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Pittsburgh prepares for its bicentennial celebration

“Not knowing your history is like having amnesia.”

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The hunt is on. Right now Pittsburghers are searching for a time capsule buried somewhere in the City-County Building when it was constructed, a century ago. The building was commissioned by then-mayor Joseph Armstrong to commemorate Pittsburgh’s centennial.

“We’re not so desperate that we’ve called in Geraldo [Rivera] to look for it yet,” quips Andy Masich, president and CEO of the Senator John Heinz History Center. “But we’ve even considered calling in the bomb squad to use their metal-detecting equipment because we believe it’s buried inside one of the columns in the City-County Building.”

The search for the time capsule is just one of the many activities taking place this year to commemorate Pittsburgh’s 200th birthday.

Andy Masich - PHOTO BY AARON WARNICK
  • Photo by Aaron Warnick
  • Andy Masich

This year’s celebration is distinct from the 250-year anniversary the city commemorated in 2008. That anniversary marked the construction of Fort Pitt in 1758, whereas the bicentennial will celebrate the year Pittsburgh officially became a city and received the right to local elections and self-governance. 

And knowing this distinction and learning more about the history of Pittsburgh is what the bicentennial is all about.

“Not knowing your history is like having amnesia,” says Masich, who was chosen as chairman of the volunteer Bicentennial Commission. “A city needs to know its history if it’s going to make good decisions in the present and plans for the future. And that relates to every aspect of our lives, whether that’s transportation decisions, housing decisions, inclusiveness, race diversity. These are all things we need to understand the roots of if we’re going to be effective citizens today.”

One component of the year-long celebration will be highlighting interesting pieces of Pittsburgh history and trivia, such as the fact that Pittsburgh has 523 bridges, the most of any city in America. And indeed, a dedicated bridges committee is currently trying to figure out how to illuminate one of the city’s bridges.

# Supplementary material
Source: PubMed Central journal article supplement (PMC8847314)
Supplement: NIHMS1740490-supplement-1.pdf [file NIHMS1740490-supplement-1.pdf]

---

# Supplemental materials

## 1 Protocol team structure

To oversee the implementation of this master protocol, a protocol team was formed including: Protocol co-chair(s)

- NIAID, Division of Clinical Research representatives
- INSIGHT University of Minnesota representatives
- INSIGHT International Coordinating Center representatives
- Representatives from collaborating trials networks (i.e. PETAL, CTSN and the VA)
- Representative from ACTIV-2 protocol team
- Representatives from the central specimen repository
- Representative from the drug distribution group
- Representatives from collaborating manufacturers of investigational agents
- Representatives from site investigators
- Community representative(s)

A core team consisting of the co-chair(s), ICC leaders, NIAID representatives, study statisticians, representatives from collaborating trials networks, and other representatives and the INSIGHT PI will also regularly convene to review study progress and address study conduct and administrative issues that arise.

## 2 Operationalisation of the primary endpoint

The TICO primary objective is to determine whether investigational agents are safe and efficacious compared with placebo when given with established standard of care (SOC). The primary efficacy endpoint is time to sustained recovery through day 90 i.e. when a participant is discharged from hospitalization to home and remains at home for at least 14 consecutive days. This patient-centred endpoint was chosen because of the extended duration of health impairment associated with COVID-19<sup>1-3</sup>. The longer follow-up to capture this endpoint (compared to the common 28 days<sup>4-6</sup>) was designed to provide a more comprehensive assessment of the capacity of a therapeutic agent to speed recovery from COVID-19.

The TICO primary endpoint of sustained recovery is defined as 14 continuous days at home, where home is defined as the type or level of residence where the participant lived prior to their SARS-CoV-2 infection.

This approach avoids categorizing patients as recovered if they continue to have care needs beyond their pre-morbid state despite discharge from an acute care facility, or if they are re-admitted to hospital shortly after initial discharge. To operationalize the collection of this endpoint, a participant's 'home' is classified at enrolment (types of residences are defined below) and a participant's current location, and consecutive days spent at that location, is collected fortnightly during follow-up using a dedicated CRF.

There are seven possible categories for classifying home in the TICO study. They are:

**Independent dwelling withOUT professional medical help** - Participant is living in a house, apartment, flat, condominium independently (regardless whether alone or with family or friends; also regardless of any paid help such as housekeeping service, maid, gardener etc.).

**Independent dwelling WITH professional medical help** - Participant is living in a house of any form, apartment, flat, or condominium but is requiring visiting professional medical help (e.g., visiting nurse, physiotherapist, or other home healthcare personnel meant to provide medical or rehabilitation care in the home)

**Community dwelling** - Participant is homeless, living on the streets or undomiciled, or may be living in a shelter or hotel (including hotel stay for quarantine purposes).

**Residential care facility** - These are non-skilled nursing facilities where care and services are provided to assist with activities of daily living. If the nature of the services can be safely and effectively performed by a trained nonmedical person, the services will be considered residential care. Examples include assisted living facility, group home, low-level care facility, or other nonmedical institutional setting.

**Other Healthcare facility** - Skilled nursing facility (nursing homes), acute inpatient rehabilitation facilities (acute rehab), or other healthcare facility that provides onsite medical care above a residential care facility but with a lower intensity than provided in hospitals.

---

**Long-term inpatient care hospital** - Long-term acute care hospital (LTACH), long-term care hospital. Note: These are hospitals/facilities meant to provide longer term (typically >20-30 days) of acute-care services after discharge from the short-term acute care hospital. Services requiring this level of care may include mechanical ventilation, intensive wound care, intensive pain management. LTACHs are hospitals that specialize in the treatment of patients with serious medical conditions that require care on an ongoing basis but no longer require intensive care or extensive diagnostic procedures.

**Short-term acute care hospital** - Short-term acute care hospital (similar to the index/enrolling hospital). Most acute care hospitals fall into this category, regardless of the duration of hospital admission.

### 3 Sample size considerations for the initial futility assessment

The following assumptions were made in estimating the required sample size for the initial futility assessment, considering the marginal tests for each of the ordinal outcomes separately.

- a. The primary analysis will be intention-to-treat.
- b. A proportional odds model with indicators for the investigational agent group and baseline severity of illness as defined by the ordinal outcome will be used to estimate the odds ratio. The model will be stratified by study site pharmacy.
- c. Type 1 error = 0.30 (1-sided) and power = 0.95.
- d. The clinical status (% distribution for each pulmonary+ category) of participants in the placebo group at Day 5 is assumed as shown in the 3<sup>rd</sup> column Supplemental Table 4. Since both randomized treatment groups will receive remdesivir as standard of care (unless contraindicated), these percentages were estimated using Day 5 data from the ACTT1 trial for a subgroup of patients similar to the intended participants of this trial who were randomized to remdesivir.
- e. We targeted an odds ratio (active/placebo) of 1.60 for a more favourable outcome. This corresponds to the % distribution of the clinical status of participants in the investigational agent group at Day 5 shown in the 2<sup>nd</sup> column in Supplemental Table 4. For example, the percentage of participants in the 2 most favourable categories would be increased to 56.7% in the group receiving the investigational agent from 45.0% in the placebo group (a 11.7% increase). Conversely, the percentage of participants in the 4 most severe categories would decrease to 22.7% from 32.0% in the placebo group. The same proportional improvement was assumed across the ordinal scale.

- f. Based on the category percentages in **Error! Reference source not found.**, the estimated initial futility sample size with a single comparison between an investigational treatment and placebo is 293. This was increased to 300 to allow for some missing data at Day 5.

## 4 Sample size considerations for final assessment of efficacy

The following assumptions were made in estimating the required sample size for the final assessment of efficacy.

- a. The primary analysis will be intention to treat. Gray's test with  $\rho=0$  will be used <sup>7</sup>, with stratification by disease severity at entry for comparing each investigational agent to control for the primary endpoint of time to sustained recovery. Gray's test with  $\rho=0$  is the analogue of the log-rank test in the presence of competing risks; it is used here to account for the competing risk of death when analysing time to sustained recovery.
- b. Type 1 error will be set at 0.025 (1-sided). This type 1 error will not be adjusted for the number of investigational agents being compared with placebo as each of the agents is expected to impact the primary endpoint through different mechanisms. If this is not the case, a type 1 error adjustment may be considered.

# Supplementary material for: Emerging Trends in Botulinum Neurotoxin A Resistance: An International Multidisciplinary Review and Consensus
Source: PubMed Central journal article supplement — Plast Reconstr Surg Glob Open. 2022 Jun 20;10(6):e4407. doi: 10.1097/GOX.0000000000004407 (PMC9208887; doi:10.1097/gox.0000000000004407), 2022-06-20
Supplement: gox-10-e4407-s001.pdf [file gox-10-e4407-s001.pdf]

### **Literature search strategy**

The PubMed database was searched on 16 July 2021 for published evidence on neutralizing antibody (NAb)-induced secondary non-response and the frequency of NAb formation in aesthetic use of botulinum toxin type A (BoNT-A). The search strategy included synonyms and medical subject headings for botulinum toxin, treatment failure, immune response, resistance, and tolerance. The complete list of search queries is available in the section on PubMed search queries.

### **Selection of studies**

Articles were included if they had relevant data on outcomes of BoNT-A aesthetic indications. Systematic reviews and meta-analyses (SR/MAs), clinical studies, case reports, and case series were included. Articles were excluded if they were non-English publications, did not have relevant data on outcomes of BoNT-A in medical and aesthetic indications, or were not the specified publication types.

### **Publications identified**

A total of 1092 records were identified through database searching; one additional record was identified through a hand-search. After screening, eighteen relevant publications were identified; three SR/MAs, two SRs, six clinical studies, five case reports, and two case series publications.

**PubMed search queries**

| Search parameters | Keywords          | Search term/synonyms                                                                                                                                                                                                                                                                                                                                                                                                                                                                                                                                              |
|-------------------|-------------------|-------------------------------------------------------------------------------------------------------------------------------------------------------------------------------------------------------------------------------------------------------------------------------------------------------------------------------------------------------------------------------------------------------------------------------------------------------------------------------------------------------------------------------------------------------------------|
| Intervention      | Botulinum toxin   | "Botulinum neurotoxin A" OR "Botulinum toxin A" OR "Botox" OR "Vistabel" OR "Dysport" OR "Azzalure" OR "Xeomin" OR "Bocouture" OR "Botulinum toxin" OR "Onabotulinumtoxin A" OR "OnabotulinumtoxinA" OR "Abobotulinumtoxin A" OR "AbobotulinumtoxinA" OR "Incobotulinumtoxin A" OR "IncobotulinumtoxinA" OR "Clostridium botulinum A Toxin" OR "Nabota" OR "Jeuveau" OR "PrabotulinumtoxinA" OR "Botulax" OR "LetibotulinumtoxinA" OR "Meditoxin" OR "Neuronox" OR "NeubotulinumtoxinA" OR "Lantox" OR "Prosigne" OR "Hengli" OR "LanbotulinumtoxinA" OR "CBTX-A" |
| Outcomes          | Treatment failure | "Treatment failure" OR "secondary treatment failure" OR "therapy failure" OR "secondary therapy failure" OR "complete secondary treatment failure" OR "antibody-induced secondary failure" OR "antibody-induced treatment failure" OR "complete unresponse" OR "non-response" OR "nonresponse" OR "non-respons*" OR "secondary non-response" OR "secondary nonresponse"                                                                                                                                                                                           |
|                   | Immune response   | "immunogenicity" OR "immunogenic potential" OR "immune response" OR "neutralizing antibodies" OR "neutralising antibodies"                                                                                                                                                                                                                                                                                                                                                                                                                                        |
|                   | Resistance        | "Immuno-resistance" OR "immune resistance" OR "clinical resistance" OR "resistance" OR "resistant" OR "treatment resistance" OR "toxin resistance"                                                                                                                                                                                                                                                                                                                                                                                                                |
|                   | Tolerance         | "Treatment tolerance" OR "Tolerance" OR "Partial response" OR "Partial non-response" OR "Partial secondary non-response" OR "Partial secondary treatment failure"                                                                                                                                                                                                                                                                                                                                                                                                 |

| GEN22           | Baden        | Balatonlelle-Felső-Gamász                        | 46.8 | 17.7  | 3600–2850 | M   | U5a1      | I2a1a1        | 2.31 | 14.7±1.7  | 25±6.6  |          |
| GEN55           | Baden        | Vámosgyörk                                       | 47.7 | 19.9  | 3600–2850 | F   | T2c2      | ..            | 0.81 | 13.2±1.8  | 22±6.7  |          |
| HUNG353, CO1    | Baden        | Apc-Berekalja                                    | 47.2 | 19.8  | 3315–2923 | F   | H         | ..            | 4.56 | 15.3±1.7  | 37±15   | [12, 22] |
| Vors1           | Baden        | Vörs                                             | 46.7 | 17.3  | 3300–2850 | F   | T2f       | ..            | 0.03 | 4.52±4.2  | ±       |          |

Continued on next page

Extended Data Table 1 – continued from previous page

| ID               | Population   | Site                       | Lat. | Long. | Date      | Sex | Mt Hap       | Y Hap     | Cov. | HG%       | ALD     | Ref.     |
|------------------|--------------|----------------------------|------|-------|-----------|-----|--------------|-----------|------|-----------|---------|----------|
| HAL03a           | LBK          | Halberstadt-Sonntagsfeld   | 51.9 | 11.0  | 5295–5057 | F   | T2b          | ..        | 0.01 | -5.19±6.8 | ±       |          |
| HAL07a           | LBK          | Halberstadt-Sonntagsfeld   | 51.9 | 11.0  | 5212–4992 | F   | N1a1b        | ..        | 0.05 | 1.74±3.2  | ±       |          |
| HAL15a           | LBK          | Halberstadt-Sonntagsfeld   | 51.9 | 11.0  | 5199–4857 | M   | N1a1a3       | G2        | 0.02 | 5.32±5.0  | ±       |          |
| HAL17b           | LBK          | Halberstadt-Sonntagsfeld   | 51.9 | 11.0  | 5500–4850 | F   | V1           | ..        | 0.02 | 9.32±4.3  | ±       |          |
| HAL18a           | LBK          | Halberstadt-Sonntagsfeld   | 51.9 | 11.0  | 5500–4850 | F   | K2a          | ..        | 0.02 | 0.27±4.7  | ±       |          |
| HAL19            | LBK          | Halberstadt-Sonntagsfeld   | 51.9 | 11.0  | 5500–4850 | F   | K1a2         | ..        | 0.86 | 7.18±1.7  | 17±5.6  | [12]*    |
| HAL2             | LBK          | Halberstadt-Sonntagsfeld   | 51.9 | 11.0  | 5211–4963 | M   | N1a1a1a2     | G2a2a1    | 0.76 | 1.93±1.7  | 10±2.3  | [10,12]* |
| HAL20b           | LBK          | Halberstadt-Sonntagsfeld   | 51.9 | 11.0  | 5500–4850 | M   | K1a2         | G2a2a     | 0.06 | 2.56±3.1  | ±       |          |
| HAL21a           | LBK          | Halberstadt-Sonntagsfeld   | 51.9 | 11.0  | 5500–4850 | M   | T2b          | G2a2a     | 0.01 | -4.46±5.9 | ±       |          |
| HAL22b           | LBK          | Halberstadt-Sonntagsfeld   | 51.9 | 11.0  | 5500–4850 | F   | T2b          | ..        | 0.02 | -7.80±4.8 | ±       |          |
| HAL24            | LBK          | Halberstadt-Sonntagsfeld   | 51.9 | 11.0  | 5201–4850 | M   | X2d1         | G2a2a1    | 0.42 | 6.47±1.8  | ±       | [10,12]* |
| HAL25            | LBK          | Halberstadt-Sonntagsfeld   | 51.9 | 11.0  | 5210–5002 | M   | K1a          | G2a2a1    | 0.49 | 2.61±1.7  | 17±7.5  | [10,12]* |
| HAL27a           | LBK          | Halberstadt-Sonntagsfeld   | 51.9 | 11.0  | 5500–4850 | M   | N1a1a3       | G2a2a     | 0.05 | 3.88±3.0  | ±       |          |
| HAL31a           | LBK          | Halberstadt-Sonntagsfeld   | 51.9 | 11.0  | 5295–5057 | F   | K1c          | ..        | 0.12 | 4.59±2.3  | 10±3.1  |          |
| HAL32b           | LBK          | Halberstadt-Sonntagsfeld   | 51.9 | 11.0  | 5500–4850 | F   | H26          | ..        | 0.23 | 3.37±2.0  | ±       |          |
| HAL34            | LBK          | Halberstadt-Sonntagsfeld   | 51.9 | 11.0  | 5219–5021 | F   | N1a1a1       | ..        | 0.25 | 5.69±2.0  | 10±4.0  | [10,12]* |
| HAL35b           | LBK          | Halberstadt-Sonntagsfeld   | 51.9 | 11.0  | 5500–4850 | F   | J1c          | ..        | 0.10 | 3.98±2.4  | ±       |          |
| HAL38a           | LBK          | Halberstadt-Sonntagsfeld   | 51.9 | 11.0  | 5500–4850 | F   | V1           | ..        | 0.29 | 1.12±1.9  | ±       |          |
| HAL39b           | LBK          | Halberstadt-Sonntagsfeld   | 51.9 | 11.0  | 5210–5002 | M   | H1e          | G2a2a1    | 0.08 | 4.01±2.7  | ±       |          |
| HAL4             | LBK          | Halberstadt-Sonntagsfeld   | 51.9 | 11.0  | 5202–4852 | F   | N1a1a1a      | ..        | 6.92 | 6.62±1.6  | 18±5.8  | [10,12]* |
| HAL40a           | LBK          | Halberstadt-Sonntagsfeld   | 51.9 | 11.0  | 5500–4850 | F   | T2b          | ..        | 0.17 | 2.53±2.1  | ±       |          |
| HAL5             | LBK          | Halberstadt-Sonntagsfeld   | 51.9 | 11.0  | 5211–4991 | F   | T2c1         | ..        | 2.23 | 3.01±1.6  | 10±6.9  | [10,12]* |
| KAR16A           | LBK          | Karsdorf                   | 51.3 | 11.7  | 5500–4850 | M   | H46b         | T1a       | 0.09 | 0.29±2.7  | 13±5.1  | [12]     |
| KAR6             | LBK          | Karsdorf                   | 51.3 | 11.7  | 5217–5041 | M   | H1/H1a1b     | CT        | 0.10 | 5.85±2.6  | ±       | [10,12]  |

“We’re not sure if we’re going to be able to pull that off in one year’s time. It’s a pretty ambitious undertaking,” says Masich. “But we are going to focus on the bridges. We love the sort of metaphor of bridges, because we’re bridging both the past and the future and we’re connecting neighborhoods. We’re breaking the restrictions that sometimes tie us.”

Events throughout the year will include a kickoff celebration on March 18, a Bicentennial Parade and a festival in Point State Park, in July. To date, more than 200 neighborhood events have been added to the bicentennial website.

“They range in scale from small, intimate neighborhood event to regional event,” says Masich. “The great thing about it is, the city isn’t coming up with the money to pay for all that. All of the participating groups are really contributing these programs that will have a bicentennial spin. And what it really is, is an opportunity to celebrate what’s good or great about our city.”

And in the end, even if the bicentennial committee isn’t able to recover the time capsule from 100 years ago, this year it will create one to mark the 200-year milestone. The committee will be accepting suggestions which will be recorded and put on a microchip to be sent into outer space.

“If you were going to build a time capsule today that captured and encapsulated who we are as Pittsburghers, what would you put in there? Maybe you could have 200 things or — this is Pittsburgh for god’s sake — how about 57?” says Masich, referencing the H.J. Heinz Company’s traditional motto. “It would be interesting to hear the people of Pittsburgh say, ‘Ya know what really gets to the heart of who we are is a Terrible Towel or a Primanti’s sandwich, or a bike-lane sign.’”

Throughout the year City Paper will commemorate the bicentennial by sharing stories from the city’s past and how they relate to the changes taking place today.


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